Place DNA is at the core of the three layers of place branding that help destination marketers understand how residents, visitors and potential visitors perceive a place. By articulating the intrinsic character of your destination, DNA provides an authenticity test for all marketing activities that follow. Identifying the elements of place DNA will help ensure that your destination’s marketing efforts are made more effective by emphasizing your true sense of place.
Elements of the place DNA code
In case you’ve never studied genetics, here’s a quick crash course: DNA stands for deoxyribonucleic acid – an extremely long molecule of nucleic acid in a double helix pattern contained in every living cell. This molecule determines characteristics that make each species biologically unique, passed down from one generation to the next. Since places and destinations should be treated as living organisms rather than consumer goods, we can think of place DNA as its hereditary material. Nearly every cell within a place has the same DNA and no two places are exactly alike.
The uniqueness of DNA molecules comes from combinations of four building blocks represented by four nitrogen bases with these abbreviations: guanine (G), adenine (A), thymine (T), and cytosine (C). You may recognize this sequence from the 1997 movie “Gattaca” starring Ethan Hawke, in which the world prizes people with the most “valid” genes as a cautionary tale against bland conformity. We can use the same letters to identify the elements of place DNA:
G is for Geography – This describes the environment, which includes a place’s history, natural surroundings, location, size, landscape, resources, capacity, and more.
T is for Technology – This describes the human impact on a place, which includes factors like its heritage, monuments, buildings, landmarks, planning, infrastructure and economy.
A is for Authenticity – The traditions, attitudes, cultural contributions, dominant traits, habits and peculiarities of a group of people who live and interact with one another are all factors that create a sense of place and express that place’s authenticity.
C is for Continuity – This element reflects how a place has combined the three previous traits over time and how that change affects the place’s DNA. Places are not reinvented overnight and marketers must respect how their place has been moulded over time.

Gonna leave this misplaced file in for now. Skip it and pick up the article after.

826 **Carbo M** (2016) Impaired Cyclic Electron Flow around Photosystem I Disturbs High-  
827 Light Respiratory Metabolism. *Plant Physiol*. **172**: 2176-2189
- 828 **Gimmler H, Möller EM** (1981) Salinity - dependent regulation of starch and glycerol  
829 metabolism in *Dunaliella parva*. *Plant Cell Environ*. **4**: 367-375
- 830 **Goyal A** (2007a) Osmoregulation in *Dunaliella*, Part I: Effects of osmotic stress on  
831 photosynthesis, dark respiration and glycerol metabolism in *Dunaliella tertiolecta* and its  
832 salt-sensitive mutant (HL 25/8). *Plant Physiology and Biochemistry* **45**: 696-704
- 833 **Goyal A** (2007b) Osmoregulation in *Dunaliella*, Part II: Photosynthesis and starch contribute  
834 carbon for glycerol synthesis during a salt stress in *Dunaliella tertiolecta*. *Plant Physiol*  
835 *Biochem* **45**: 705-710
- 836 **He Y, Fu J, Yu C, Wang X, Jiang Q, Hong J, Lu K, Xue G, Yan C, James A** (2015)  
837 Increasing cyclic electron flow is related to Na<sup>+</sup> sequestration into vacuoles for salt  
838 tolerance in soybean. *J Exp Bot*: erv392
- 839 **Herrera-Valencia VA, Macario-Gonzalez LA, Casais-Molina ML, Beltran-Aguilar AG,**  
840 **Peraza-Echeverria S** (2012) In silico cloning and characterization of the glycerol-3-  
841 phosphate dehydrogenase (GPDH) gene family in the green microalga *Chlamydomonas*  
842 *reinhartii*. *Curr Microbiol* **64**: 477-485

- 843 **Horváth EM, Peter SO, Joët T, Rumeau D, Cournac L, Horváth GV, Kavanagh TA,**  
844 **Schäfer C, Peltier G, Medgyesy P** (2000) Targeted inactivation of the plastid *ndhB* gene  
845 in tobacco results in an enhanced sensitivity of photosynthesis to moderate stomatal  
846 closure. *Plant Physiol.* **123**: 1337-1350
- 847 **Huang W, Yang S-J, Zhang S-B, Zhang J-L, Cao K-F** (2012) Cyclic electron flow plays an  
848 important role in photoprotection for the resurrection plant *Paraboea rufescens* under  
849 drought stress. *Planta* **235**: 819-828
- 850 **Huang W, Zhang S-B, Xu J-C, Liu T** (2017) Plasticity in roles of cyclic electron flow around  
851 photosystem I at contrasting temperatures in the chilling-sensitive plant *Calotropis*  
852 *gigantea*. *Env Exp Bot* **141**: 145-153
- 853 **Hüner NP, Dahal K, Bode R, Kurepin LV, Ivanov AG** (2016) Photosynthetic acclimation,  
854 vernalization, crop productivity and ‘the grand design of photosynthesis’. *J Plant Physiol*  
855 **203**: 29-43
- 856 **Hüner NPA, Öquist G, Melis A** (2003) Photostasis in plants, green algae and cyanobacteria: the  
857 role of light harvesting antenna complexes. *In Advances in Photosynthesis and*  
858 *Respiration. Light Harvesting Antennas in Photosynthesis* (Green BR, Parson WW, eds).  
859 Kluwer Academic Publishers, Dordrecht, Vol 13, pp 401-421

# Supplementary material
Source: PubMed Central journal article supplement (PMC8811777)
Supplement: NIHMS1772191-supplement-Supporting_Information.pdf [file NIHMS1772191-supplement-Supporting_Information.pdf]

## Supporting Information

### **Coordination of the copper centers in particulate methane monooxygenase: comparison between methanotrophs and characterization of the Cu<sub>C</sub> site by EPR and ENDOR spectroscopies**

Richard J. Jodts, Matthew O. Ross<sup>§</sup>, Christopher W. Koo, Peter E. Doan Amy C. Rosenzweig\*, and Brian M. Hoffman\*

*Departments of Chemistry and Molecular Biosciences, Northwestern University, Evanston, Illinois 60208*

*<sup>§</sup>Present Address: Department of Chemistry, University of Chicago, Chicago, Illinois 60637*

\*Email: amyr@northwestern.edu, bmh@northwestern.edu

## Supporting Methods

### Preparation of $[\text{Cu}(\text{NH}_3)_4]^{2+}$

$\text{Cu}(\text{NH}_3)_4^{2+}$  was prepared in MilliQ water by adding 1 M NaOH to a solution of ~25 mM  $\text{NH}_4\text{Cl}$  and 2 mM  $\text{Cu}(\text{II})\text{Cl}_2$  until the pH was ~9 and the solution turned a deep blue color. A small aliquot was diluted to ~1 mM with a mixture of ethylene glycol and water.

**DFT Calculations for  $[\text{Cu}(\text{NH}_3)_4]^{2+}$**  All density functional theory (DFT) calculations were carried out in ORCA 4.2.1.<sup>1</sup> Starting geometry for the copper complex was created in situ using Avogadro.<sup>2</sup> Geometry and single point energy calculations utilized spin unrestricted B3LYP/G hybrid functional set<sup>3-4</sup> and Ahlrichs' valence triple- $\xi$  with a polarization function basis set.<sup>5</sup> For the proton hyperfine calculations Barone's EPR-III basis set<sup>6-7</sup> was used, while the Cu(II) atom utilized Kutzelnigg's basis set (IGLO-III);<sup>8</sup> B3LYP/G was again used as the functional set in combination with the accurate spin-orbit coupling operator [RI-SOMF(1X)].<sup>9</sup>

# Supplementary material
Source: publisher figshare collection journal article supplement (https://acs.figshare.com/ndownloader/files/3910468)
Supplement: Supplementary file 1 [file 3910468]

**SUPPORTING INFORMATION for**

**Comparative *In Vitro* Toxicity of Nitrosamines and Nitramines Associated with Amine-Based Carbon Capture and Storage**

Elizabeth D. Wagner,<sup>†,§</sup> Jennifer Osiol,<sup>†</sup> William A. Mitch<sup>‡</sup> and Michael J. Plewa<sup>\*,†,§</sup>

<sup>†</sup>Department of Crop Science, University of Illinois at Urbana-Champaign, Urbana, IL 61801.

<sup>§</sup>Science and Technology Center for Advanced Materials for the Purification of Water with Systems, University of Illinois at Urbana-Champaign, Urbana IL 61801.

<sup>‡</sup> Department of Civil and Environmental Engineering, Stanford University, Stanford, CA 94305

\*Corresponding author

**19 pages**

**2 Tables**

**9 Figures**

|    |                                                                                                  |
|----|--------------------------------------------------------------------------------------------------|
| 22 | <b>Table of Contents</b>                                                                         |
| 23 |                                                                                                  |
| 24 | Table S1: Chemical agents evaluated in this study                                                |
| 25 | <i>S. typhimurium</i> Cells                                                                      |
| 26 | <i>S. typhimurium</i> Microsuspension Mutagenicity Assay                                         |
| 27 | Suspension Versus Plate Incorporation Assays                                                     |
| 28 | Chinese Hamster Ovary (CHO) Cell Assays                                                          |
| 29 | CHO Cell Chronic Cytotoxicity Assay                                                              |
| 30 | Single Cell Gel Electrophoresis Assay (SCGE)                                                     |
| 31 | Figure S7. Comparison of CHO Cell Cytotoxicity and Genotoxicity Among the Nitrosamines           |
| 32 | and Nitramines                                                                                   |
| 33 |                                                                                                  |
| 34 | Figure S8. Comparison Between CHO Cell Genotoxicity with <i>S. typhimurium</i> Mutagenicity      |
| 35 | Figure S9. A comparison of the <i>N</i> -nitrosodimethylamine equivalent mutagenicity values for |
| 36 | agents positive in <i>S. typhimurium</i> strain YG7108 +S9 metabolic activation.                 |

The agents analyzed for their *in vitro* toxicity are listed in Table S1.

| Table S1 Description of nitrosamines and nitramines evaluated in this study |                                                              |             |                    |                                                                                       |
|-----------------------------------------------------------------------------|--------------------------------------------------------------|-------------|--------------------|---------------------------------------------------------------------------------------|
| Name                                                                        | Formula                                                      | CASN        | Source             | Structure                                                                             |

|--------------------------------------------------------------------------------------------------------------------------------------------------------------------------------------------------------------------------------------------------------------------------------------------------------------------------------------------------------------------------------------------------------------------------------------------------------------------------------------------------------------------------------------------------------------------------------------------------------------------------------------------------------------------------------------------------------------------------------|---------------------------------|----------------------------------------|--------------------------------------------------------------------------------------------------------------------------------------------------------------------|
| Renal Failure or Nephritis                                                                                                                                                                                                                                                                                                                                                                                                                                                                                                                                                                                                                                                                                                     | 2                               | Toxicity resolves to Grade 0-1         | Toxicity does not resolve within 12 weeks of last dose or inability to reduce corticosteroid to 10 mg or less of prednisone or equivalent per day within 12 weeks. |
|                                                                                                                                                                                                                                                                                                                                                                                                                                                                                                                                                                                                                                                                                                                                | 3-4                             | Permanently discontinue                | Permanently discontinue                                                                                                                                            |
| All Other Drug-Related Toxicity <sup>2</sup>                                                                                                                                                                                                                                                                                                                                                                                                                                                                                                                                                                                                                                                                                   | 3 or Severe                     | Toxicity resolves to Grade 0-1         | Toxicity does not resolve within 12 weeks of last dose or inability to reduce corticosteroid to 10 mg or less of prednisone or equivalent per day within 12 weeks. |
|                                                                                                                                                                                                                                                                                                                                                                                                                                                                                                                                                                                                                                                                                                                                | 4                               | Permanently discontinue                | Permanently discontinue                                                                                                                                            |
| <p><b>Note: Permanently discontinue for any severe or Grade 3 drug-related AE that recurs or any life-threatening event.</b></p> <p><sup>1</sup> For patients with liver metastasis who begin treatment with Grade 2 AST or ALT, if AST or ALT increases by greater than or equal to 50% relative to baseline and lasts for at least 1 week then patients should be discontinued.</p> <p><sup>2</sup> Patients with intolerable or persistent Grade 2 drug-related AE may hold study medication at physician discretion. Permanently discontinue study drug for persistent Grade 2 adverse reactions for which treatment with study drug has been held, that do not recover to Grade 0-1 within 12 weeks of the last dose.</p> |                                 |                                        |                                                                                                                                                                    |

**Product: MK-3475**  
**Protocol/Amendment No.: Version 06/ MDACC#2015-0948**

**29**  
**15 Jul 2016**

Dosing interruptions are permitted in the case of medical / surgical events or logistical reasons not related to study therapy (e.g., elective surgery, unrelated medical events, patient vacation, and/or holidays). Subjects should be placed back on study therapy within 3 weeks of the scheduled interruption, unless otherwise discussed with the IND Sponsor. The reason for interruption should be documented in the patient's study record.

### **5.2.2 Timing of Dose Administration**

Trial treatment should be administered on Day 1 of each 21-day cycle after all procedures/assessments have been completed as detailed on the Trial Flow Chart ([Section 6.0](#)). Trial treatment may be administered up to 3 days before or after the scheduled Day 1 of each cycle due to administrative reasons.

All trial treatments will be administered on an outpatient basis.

By describing your destination or place in terms of these four elements of place DNA, you can guarantee that your marketing efforts are better aligned with your destination’s identity and residents.
The perils of ignoring place DNA
What does this look like in practice? When places don’t respect the four elements of their DNA, marketing can go awry. This campaign from Singapore is an unforgettable example for all the wrong reasons. The Singapore Tourism Board briefly stepped into the international spotlight with this 2014 promotional video featuring the slogan “Singapore. See where the world is heading.” The couple in the video gives us a demonstration – complete with over-enthusiastic exclamations – on what to do on your first date in Singapore. After the couple does a few sightseeing activities and has a romantic dinner, the clip ends with a surprise positive pregnancy test. After swift online criticism, the destination removed the video from its YouTube channel. Nothing in this video really gives viewers a reason to visit or live in the city-state.
Examples abound in a documentary called “Pretpark Nederland” (Amusement Park The Netherlands) by Dutch filmmaker Michiel van Erp. The film follows a series of Dutch mayors who launch zany ideas and campaigns to earn quick cash for their towns – from medieval fantasy festivals to dance parties in the rural countryside. The mayor of Zutphen, Holland infamously attempted to turn his city into the region’s chocolate capital. While entertaining, the documentary points to a sad reality: These kinds of money-driven, inauthentic, one-shot campaigns give city marketing its bad reputation. Have you ever met a politician who hasn’t said that their region or city can improve the economy by becoming a shopping Valhalla? These leaders will have a hard time earning real results without considering place DNA.